Diagnostic criteria for dementia and other age-related cognitive syndromes, including mild cognitive impairment, require objective documentation of cognitive decline. This information is provided by instruments that may be strongly biased by education. This reinforces the need for tests that are less vulnerable to educational experience or for normative values corrected for education. A better understanding of the impact of education on performance in cognitive instruments is needed, particularly in developing countries (Ferri et al., 2005), where under-schooling is frequently observed among elders. According to a recent national survey, in Brazil, for instance, most of the older adults have 4 years of education (57%) and 18% have never attended school (Santos, Lopes, & Neri, 2007).

The aim of the current study was to describe the influence of education on performance in a set of neuropsychological and cognitive screening tests, in a sample of healthy older Brazilians with varying degrees of education. We hypothesized that older adults with lower education would have worse performance on most tests when compared with those who completed high-school, college, and graduate education. We expected that differences in cognitive performance might be minimized in tests that comprised “ecological” tasks, that is, that were similar to activities of the everyday life. We also hypothesized that older adults with the highest levels of education (graduate degrees) would outperform older adults with elementary, high-school, and undergraduate education.

Methods

Participants

Seventy-one cognitively unimpaired older adults participated in this study (77% women, mean age 68.66 ± 5.49 years, range 60–83). There was a larger representation of women in the sample, because there is a larger proportion of women in the older population in Brazil, as well as in other countries, and Brazilian women also look for medical assistance more frequently than men (Neri, 2007).

All participants were volunteers who annually undergo clinical and neuropsychological evaluations at a university-based memory clinic at the Institute of Psychiatry, University of Sao Paulo, part of a multidisciplinary prospective study on cognitive aging and dementia. For the current analysis, baseline data were used and therefore participants were not familiar with instruments.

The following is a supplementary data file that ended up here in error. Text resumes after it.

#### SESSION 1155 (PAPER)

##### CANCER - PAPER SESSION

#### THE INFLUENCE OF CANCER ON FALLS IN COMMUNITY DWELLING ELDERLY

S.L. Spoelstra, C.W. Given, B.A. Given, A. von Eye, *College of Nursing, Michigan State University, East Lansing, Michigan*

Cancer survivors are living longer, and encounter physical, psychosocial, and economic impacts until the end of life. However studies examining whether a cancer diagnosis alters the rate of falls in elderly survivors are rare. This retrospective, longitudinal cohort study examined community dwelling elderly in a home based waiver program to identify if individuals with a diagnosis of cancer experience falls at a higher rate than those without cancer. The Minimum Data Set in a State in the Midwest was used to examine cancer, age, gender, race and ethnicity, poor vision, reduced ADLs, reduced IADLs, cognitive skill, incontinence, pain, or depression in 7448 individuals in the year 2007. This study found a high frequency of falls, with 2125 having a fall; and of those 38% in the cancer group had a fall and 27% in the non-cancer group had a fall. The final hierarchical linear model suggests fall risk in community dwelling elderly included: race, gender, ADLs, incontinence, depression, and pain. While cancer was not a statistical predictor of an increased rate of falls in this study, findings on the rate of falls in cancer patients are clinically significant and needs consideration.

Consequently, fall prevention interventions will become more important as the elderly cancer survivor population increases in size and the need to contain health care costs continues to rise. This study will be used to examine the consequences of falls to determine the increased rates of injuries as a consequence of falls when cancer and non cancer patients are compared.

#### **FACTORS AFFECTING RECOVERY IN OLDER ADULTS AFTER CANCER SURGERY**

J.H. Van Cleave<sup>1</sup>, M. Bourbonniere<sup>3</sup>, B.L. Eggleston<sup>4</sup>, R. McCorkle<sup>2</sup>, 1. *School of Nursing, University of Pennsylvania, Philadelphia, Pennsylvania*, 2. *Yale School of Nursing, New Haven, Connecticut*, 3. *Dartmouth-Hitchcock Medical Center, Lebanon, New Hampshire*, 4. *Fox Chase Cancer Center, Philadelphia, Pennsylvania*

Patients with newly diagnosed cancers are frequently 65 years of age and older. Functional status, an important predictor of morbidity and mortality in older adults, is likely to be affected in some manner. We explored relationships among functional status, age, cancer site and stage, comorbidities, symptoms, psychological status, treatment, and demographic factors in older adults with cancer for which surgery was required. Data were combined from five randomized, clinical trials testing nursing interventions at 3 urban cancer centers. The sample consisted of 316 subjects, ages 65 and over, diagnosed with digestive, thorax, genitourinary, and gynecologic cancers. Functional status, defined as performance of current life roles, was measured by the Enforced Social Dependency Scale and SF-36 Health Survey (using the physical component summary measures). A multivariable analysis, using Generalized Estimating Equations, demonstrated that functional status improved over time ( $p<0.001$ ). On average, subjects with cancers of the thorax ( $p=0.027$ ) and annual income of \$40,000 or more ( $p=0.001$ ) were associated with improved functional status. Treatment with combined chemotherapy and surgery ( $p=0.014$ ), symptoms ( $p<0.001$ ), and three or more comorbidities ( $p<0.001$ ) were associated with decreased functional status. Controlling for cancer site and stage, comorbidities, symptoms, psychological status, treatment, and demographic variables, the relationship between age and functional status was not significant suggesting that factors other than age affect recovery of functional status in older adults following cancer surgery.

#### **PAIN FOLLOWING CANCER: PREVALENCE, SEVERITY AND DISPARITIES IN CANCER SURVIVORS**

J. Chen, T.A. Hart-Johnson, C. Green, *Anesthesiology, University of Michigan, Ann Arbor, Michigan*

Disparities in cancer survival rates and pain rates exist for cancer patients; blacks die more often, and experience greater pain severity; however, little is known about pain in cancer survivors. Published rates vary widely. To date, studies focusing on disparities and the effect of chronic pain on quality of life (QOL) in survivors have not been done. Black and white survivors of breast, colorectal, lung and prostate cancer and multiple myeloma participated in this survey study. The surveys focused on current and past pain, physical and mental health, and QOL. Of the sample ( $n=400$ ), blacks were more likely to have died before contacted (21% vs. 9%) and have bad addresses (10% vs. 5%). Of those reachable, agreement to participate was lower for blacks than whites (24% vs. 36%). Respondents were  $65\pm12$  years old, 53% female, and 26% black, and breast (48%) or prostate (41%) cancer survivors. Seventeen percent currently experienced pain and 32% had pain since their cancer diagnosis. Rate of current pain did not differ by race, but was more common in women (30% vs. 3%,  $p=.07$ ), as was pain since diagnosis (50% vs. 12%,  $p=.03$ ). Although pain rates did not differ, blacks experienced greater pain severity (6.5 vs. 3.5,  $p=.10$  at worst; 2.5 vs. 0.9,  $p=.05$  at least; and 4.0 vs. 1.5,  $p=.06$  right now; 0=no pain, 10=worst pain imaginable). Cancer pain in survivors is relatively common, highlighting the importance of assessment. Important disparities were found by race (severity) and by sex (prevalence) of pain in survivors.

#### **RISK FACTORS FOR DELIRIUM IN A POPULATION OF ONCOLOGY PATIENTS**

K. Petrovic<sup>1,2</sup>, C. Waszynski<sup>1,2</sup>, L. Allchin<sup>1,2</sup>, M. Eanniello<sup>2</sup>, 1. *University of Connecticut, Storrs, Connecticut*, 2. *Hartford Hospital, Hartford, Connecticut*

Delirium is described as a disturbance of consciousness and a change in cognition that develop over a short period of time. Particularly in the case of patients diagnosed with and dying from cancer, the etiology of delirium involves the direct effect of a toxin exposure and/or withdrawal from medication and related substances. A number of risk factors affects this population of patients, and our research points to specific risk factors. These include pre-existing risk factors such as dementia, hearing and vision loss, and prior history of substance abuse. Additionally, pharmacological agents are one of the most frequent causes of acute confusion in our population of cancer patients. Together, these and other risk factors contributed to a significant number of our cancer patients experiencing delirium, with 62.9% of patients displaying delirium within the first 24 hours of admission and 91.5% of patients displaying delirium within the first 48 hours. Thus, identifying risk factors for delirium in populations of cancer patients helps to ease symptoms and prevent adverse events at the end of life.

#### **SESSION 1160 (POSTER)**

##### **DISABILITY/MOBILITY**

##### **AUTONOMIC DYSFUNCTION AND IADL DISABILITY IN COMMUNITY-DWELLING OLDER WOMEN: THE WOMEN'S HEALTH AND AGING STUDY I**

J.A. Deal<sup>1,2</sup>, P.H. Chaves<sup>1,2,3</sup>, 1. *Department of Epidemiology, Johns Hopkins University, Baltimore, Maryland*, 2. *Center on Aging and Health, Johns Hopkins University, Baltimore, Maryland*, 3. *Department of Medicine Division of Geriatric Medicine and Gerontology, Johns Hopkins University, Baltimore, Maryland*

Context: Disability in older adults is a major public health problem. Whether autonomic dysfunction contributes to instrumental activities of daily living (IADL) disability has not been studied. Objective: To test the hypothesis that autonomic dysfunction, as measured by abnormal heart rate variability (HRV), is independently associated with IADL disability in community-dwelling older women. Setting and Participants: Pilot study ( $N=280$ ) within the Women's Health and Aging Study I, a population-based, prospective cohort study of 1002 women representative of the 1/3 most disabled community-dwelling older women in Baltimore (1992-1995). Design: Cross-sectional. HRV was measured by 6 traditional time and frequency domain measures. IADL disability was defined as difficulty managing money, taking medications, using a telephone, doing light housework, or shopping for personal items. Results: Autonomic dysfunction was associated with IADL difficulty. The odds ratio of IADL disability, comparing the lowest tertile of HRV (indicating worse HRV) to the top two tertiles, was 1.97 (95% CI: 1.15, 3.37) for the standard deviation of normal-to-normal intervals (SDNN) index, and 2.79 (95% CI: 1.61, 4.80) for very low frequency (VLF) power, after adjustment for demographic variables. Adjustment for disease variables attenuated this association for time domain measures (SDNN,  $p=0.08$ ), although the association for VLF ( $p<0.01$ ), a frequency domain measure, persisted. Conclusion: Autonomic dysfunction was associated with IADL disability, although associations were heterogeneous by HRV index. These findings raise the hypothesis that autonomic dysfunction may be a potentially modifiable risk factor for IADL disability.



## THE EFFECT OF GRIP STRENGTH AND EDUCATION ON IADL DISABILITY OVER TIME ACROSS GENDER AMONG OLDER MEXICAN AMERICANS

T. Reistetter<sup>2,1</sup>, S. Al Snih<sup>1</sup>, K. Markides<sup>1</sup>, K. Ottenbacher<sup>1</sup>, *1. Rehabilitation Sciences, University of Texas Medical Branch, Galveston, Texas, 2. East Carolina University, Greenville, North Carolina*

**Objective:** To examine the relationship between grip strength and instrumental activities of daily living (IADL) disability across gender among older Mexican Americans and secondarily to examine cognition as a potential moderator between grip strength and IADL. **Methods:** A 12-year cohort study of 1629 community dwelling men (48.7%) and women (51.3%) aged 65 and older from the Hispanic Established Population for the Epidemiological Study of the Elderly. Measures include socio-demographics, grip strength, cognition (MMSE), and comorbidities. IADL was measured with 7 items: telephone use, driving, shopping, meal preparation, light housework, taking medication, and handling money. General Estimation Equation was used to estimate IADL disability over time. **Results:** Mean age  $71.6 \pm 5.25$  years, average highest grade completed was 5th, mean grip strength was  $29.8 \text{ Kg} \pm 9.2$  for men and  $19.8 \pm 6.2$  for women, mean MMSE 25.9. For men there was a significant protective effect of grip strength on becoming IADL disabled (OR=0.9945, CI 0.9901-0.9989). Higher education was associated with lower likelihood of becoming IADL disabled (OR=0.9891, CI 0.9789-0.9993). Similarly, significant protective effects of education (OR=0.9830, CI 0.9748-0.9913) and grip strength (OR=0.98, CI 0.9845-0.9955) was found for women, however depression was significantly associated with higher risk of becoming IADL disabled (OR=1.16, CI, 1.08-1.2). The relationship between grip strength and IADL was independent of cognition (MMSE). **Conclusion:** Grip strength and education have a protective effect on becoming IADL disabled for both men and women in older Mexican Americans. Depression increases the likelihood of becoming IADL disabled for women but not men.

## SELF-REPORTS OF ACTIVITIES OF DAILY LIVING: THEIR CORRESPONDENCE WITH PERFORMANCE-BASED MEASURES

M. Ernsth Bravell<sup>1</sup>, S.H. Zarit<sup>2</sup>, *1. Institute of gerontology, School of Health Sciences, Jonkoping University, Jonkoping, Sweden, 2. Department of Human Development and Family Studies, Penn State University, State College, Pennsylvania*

For the total study sample, participants were recruited from community sources (community centers, newspaper, and radio ads), when a study on memory and aging was advertised. The sample also included participants who spontaneously sought medical attention related to memory complaints or who were referred from other hospital units for assessment of suspected cognitive decline. Few participants (less than 5%) were volunteers who wanted to donate their time for a research study, mainly relatives who came to accompany a family member with memory concerns. Most of this clinical sample was therefore composed of older adults who were concerned about possible cognitive decline. However, for the current analysis, only participants who were characterized as cognitively intact during consensus diagnosis were included.

Mean education in this sample was 12.71 ± 5.94 years (ranging from 2 to 26 years of formal schooling). Illiterates were not included in the overall sample because of concerns about floor effects in some of the cognitive tests. As the focus of the prospective study is to investigate mild forms of cognitive impairment and conversion to dementia, researchers were concerned illiteracy would generate an important confounding factor. Illiterates were referred to another hospital unit where illiteracy studies were being conducted. Patients with severe dementia and those with evidence of neurological or psychiatric comorbidities, as well as diseases that may generate cognitive decline, such as depression, syphilis, or AIDS, were also excluded. This study was approved by the Ethics Committee of the Medical School and was performed in accordance with the Helsinki Declaration.